Millennials to have similar pensions to baby boomers
Young adults will have retirement incomes similar to today’s pensioners, according to analysis which rejects widespread pessimism about the financial prospects for millennials.
Men in their 40s will suffer a fall in their retirement incomes compared with today’s pensioners, but the generation behind them will see their incomes recover, analysis by the Resolution Foundation found.
It said the average pension for a man will be about £310 a week in 2020, taking into account state and private pensions. This will fall to about £285 in the mid 2040s in real terms “before building again to about £300 a week by the end of the 2050s”.
For women, there will be no dip in pension income but a small improvement over time. The thinktank forecasts that average pensions incomes for women, typically lower than those of men because of lower pay and career breaks, will be about £225 a week in 2020, then rising to about £235 by the mid-2030s and staying at that level going forward.
The analysis defies the popular view that today’s pensioners are a “golden generation” who benefited from final-salary pensions. It said that while pensioner incomes have risen sharply this century to match or even surpass those of working people, these levels can be broadly maintained in the future.
The upbeat assessment is in sharp contrast to other a stream of reports which paint Britain’s pensions as among the worst in the developed world, with young workers facing penury in retirement. Resolution said “auto-enrolment”, the government scheme in which workers are automatically defaulted into paying into a private pension scheme, will be the chief driver behind a recovery in pension income.
But the thinktank acknowledged that today’s younger generation are unlikely to build up the housing wealth acquired by baby boomers – people born between the early 1940s and mid-1960s – from the huge increase in house prices, and will not be entitled to a state pension until they are older than the current generation of retirees.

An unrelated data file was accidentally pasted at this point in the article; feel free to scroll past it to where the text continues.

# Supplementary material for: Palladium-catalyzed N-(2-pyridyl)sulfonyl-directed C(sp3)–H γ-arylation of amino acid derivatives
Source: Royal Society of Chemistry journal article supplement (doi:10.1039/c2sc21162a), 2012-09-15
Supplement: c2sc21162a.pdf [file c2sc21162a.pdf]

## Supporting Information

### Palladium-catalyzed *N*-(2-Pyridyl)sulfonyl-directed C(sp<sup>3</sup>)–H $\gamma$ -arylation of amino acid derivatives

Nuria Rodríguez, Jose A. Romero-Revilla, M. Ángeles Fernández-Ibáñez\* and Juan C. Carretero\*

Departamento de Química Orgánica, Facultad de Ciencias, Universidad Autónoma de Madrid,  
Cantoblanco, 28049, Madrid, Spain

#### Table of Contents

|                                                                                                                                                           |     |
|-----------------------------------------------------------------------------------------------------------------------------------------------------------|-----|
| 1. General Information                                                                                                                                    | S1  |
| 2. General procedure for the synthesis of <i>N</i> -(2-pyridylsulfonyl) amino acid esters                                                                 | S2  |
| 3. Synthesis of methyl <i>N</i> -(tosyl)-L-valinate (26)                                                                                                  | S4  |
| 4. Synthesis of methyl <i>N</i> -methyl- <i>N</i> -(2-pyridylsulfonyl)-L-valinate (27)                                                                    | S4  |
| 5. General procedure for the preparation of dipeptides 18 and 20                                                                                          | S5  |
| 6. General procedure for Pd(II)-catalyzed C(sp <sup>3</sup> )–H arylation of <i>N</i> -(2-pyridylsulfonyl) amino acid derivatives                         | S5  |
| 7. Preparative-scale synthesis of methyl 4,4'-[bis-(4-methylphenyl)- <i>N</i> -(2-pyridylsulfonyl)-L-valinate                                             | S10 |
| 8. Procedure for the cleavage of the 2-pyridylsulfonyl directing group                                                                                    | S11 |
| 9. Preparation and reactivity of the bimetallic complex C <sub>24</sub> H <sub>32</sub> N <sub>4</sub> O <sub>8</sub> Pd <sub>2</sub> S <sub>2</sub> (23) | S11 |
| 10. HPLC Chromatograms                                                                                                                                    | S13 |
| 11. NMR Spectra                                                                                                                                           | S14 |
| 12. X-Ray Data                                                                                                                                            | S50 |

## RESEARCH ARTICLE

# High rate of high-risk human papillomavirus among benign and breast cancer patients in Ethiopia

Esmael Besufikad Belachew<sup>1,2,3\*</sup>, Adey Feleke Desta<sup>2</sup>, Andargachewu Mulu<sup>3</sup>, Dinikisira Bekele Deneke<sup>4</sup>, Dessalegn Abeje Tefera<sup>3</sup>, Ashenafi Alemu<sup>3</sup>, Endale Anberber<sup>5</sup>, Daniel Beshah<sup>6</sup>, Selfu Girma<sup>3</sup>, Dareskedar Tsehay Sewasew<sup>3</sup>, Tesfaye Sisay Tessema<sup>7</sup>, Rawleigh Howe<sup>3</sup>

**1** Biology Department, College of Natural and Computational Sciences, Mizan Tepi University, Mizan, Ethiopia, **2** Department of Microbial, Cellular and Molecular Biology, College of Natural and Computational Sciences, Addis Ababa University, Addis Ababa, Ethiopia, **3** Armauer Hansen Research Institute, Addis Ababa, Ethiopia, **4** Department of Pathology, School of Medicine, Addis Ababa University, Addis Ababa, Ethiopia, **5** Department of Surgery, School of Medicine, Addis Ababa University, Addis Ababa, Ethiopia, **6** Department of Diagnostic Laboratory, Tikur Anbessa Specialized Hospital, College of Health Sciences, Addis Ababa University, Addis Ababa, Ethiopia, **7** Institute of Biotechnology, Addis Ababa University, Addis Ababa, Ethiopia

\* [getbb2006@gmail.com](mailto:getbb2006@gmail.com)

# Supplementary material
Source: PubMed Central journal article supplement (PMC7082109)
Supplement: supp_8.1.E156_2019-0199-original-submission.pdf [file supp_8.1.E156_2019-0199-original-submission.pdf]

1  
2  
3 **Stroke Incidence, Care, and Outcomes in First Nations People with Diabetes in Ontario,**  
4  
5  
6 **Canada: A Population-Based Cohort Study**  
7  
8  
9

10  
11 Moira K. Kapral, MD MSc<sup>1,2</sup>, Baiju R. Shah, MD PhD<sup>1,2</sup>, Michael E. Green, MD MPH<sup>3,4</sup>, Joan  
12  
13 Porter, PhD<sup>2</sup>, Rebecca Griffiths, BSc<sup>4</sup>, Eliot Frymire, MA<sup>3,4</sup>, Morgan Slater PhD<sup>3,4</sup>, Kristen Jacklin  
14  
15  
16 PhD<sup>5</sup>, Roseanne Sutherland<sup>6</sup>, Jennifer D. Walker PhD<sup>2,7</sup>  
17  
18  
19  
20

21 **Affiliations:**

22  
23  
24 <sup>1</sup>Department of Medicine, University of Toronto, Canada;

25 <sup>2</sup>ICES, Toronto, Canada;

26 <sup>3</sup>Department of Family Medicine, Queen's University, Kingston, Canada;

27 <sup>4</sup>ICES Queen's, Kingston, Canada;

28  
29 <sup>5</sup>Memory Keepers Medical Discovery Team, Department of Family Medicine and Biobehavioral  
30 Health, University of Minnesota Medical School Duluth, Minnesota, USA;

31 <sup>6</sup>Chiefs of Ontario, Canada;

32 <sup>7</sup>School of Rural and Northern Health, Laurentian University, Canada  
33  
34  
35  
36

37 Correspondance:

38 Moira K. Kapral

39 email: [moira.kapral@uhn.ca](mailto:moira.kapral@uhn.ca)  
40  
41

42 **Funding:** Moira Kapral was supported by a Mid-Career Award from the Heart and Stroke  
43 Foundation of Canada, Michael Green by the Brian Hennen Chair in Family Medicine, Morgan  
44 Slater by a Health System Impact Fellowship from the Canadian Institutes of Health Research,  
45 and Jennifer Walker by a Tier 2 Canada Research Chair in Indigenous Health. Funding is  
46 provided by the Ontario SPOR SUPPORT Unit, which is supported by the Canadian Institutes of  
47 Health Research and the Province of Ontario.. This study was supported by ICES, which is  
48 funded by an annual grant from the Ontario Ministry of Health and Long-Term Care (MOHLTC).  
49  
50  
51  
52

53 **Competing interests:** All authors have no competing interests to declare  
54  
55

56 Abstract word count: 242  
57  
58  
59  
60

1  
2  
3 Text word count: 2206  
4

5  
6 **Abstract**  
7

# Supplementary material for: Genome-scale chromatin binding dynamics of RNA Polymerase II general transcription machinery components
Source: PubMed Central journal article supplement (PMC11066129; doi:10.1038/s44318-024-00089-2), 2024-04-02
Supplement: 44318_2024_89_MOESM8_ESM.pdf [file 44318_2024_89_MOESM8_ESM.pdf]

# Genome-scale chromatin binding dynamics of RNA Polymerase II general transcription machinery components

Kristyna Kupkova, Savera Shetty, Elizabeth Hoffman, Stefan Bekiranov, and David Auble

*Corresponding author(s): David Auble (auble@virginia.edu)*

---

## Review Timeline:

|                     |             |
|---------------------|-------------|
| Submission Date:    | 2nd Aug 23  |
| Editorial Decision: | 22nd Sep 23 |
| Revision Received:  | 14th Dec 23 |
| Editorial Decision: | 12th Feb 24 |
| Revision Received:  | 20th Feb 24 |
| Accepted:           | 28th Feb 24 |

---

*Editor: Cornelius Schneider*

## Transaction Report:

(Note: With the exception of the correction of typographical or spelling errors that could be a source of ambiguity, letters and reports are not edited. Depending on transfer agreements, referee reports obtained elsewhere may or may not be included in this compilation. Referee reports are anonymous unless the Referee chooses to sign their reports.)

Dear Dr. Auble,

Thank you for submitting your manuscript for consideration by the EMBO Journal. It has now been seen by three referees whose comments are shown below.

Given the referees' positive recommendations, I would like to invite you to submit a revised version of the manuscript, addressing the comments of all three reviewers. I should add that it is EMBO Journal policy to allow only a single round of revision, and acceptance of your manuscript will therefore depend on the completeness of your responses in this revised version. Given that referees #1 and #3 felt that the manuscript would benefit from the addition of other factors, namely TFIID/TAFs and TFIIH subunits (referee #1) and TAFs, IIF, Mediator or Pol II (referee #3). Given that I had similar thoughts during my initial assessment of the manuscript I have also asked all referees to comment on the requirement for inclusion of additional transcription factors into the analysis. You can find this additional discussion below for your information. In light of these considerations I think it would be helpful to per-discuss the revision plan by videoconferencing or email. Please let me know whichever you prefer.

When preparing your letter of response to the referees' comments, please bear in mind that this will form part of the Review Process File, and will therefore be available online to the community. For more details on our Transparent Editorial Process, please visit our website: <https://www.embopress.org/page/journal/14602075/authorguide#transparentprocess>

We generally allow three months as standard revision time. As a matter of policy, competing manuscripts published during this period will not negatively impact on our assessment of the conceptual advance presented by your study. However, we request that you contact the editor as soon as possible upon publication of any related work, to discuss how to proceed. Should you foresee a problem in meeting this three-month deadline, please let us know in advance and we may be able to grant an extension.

David Finch, senior economic analyst at the Resolution Foundation, said: “Rising pensioner incomes has been one of the biggest living standards success stories this century. And yet retirement is second only to housing in terms of causes for concern for young people’s prospects.
“But these fears are overdone. Millennials are on course to enjoy similar levels of retirement income to today’s pensioners, largely thanks to the success of auto-enrolment in getting them to save into a workplace pension from an early age.”
But behind this relatively rosy forecast lies a number of assumptions about how auto-enrolment will work in coming years. Resolution assumed that the majority of people will stay in the scheme, despite the big increase in contributions that will be required from April next year, when they increase from 1% to 3% of salary, then 5% the year after.
“The temptation to opt-out of pension saving will grow as the take-home pay of a typical employee is set to rise by £1,700 over the next four years if they were they to stop contributing; twice as much as the £850 they would receive if they made the minimum contributions,” the report found.
It also assumed that the money saved into auto-enrolment pensions will grow at a rate of 5.6% a year, which is below the growth rate assumed by the Department for Work and Pensions but higher than some investment experts think is likely in an era of ultra-low interest rates.
The report’s authors also warn about the hit that today’s young adults could take from the recent official downgrade in the long-term prospects for growth and productivity in the UK economy.
But the report argues that the number of people retiring on two-thirds of their final salary, seen as the gold standard for pension planning, has never been that high.
It said that the average “replacement income” for people retiring today is about 54% of their former income and that this will stay broadly at that level for future generations.
“Our analysis of current and future retirement income adequacy shows that neither pessimism nor complacency is warranted,” the report concluded.